UK High Court judge rules no copyright in Bitcoin File Format
A recent court action involving Dr Craig Wright, who asserts that he authored the White Paper “Bitcoin: A Peer-to-Peer Electronic Cash System” under the pseudonym Satoshi Nakamoto, has led to an interesting judgment on the copyright protection of file formats.
The decision by Justice Mellor in Wright & Ors v BTC & Ors  EWHC 222 (Ch) arose in connection with the procedural question of whether Dr Wright may serve a claim on a number of defendants outside the UK. For this, Dr Wright needed to show that he had a serious issue to be tried. In the main proceedings, Dr Wright claims to be the owner of certain database rights in the Bitcoin Blockchain, and the copyright in the Bitcoin White Paper and what he called the “Bitcoin File Format”. According to Dr Wright, the defendants have infringed his rights by operating the so-called BTC and BCH Blockchains, which are variations of the original Bitcoin Blockchain (now generally known as BSV).
Justice Mellor readily agreed that the allegations in respect of the database rights and the White Paper raised serious issues for trial, but he was less convinced about the infringement case regarding the Bitcoin File Format.
CDPA requirements and previous case law
Section 3(2) of the CDPA 1988 states that copyright will not subsist in a literary work unless and until it is recorded in some way (commonly known as the “fixation” requirement). The key question for Justice Mellor was: when and in what form was the alleged literary work in the Bitcoin File Format first recorded? Without the actual structure of the Bitcoin File Format being defined in a material form, there would be no recorded work for copyright purposes.
Justice Mellor reviewed three previous cases regarding the protection of file formats: SAS Institute v WPL, Technomed v Bluecrest and Software Solutions v 365 Health and Wellbeing. Of these, Technomed may be most noteworthy. In that case, the claimant succeeded in arguing that it should own copyright in a data format written in the so-called XML language. As explained in that judgment: “XML is a standard computer language for defining and representing structured data in a way which is partly self-describing using natural language terminology”. The XML formats in question contained “content – not just structure” and were therefore capable of being a protected work for copyright purposes. The “content” consisted of the terminology used in the definitions of the data which were to be included in the XML files.
The Bitcoin File Format
Justice Mellor accepted that Dr Wright may have expended substantial skill and judgment in creating the Bitcoin File Format. He also accepted that there was no doubt as to what the Bitcoin File Format actually is because it had been clearly described in the particulars of claim.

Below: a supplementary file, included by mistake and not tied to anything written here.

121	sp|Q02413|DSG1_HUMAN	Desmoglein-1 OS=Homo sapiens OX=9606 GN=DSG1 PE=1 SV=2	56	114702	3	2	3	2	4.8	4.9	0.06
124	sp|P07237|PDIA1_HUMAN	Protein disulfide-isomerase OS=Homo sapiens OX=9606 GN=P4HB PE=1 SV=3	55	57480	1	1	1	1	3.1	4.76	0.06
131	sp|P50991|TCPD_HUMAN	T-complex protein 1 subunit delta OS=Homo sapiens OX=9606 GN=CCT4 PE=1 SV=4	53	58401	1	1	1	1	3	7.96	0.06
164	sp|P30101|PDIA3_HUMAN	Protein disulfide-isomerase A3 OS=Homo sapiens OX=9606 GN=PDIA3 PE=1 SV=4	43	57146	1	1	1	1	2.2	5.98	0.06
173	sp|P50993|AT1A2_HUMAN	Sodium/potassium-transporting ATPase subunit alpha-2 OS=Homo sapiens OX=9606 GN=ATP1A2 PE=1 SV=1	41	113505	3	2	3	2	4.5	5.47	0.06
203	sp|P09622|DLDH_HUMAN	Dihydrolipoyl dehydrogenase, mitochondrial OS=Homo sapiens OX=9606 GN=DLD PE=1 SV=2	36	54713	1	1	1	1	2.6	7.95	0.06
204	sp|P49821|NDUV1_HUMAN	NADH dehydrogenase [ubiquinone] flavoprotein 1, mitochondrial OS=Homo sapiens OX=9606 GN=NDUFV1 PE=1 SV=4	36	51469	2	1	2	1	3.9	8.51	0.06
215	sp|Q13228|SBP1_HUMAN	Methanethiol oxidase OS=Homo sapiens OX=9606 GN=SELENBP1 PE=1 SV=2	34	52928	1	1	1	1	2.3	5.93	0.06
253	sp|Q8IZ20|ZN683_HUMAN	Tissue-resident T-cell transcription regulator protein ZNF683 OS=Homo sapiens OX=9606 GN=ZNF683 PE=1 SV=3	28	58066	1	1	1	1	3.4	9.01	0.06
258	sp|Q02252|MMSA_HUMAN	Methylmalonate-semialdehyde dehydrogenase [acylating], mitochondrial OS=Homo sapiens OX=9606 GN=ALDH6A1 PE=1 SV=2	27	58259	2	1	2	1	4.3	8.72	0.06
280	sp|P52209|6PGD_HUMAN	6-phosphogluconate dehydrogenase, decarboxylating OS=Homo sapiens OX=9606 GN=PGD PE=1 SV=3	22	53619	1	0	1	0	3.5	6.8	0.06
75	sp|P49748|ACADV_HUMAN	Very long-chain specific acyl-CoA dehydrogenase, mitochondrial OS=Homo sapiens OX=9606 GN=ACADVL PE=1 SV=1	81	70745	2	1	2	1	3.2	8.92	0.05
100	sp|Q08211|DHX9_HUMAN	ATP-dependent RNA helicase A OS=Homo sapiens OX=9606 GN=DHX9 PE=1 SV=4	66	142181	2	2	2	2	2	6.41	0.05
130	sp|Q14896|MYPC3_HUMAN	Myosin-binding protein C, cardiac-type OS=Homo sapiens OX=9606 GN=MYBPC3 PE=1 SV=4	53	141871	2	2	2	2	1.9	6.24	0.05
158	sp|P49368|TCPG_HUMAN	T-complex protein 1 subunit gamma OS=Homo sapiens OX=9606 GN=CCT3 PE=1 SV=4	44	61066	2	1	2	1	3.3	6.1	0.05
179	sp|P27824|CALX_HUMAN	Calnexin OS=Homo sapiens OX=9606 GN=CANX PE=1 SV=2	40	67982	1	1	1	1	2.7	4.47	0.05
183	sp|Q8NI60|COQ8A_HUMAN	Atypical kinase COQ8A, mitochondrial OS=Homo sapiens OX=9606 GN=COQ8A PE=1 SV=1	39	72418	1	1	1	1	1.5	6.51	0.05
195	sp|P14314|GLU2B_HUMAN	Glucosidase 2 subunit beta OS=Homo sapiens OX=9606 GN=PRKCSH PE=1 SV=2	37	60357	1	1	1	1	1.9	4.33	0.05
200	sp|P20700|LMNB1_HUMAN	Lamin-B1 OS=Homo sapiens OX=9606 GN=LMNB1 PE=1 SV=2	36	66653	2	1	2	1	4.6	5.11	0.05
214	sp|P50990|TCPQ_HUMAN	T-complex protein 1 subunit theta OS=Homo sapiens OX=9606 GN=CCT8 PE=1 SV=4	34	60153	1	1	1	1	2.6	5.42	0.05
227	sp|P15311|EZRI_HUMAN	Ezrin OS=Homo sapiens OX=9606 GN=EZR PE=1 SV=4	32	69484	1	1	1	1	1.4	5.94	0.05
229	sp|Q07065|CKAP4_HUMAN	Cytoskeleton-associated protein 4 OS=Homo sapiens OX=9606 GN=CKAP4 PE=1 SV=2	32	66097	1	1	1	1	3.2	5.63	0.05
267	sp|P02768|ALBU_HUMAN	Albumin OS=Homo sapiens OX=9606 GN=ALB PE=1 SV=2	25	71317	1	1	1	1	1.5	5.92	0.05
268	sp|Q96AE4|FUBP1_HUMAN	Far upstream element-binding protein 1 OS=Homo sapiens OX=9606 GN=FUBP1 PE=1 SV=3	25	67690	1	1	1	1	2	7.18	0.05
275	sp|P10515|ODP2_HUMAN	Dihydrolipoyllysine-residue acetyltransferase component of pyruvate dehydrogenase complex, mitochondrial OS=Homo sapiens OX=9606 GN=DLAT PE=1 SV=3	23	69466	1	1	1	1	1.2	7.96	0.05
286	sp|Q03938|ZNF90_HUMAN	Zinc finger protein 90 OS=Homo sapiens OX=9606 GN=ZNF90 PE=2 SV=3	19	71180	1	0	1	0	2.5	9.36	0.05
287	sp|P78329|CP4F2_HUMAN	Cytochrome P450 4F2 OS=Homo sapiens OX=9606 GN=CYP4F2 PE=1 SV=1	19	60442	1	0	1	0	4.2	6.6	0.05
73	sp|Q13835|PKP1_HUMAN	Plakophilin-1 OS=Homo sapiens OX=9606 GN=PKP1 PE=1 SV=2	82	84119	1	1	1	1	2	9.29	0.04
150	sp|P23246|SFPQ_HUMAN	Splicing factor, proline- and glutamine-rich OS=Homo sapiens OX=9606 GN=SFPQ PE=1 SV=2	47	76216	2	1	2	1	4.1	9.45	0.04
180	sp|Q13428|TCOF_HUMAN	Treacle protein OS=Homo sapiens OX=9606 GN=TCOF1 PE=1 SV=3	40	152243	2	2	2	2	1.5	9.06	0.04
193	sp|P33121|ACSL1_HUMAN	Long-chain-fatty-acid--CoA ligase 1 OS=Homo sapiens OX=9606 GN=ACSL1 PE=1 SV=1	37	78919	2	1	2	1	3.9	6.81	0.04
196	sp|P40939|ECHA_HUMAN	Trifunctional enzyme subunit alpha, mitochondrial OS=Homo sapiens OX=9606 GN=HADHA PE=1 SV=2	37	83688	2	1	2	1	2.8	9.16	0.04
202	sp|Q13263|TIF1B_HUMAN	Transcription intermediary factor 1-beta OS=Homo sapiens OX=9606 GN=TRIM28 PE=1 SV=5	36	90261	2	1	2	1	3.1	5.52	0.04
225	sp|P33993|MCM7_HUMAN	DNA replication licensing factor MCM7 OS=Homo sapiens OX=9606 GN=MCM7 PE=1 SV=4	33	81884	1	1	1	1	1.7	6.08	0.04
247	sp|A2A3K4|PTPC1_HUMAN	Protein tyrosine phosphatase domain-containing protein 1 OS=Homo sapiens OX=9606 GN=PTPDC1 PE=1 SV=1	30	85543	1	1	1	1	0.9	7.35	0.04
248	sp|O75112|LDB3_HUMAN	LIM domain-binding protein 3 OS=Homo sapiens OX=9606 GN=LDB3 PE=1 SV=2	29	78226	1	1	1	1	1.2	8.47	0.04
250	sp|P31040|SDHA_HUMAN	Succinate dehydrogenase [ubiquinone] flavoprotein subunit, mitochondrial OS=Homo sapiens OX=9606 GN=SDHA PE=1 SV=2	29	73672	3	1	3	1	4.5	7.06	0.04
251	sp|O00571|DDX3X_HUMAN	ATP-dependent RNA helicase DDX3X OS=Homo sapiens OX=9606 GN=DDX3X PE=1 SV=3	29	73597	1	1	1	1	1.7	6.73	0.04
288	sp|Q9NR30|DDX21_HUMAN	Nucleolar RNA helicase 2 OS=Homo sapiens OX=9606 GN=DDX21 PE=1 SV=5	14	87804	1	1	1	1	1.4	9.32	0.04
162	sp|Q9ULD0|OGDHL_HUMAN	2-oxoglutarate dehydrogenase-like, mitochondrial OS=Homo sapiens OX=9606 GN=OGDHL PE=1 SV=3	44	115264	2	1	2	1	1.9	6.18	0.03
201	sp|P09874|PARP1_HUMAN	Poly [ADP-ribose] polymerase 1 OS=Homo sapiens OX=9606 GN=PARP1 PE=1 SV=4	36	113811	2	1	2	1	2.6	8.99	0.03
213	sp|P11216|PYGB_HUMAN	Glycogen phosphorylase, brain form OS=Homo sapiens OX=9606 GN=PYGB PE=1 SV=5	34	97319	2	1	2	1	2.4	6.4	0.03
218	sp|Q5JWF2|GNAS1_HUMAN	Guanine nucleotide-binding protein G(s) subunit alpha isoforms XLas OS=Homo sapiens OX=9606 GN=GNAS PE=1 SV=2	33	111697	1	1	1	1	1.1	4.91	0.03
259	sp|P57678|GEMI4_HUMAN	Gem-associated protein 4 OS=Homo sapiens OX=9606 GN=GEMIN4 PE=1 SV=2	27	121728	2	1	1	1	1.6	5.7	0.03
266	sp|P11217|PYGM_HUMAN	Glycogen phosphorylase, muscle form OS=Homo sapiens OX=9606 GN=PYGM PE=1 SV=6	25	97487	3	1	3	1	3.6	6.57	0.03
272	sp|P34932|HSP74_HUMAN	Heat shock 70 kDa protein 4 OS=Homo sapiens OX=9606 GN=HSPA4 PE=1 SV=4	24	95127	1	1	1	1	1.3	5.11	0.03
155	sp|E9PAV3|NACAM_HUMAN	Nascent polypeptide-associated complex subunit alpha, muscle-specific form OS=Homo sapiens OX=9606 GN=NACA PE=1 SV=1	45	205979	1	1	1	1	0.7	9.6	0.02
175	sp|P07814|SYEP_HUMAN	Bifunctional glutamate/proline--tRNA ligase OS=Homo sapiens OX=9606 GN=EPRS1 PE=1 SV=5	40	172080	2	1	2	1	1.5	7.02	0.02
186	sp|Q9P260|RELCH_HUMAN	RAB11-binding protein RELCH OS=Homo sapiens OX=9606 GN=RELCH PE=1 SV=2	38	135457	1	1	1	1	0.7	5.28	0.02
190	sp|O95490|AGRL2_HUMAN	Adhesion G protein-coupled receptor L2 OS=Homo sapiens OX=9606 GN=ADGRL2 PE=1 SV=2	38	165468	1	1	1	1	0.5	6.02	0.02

However, he disagreed that Dr Wright’s counsel had identified what exactly made up the relevant “work” which defined the Bitcoin File Format and which was said to be infringed. It is not sufficient to show that when the software of the Bitcoin system runs, a particular block on the blockchain is created in the Bitcoin File Format. Instead, evidence is required that a block contains content indicating that structure, as opposed to simply reflecting it. Justice Mellor explained that a flag or symbol in a block which signals start and end points of certain sections, or an equivalent of the sort of content found in XML files, would have helped to meet that requirement.
Justice Mellor therefore concluded that the Bitcoin File Format was not set out in any part of the software or blocks written to the Bitcoin Blockchain, and hence it was not fixed in a copyright sense. On this basis, he required Dr Wright to delete his claim concerning infringement of copyright in the Bitcoin File Format before serving his statement of case on the foreign defendants. He refused permission to appeal his conclusions.
Since SAS Institute, it has been known that data file formats are generally not protected as part of an underlying computer program. But this did not mean that the format of data files themselves were not eligible for protection. The subsequent cases of Technomed and Software Solutions made clear that at least certain XML files may attract copyright if they contain original content rather than just structure.
A key takeaway from the present case is that, to cite Justice Mellor, “not all file formats are equal”.
A claimant will need to show not only that the format is an original expression of thought, but also that the format contains actual content that records that thought. Without such content, there is no recorded work for copyright purposes. It is not sufficient that the file format materialises only when the computer program runs and happens to create a file in the relevant format. As put by Justice Mellor, relying on SAS Institute: “The fact that one can identify a fixation is a necessary, but not a sufficient, condition for the subsistence of copyright.”
In most cases, the infringement of file formats will be ancillary to a more general claim for infringement of software or other related works which may be more easily identified. Yet the issue is not simply academic. The claims in Software Solutions, for instance, related entirely to XML files, and with the growth of AI-generated files and formats and other technological developments we can expect to see this sort of issue re-emerge in other guises over the next years.
 Similarly, XML files were accepted to be literary works protected by copyright in Software Solutions v 365 Health and Wellbeing Ltd.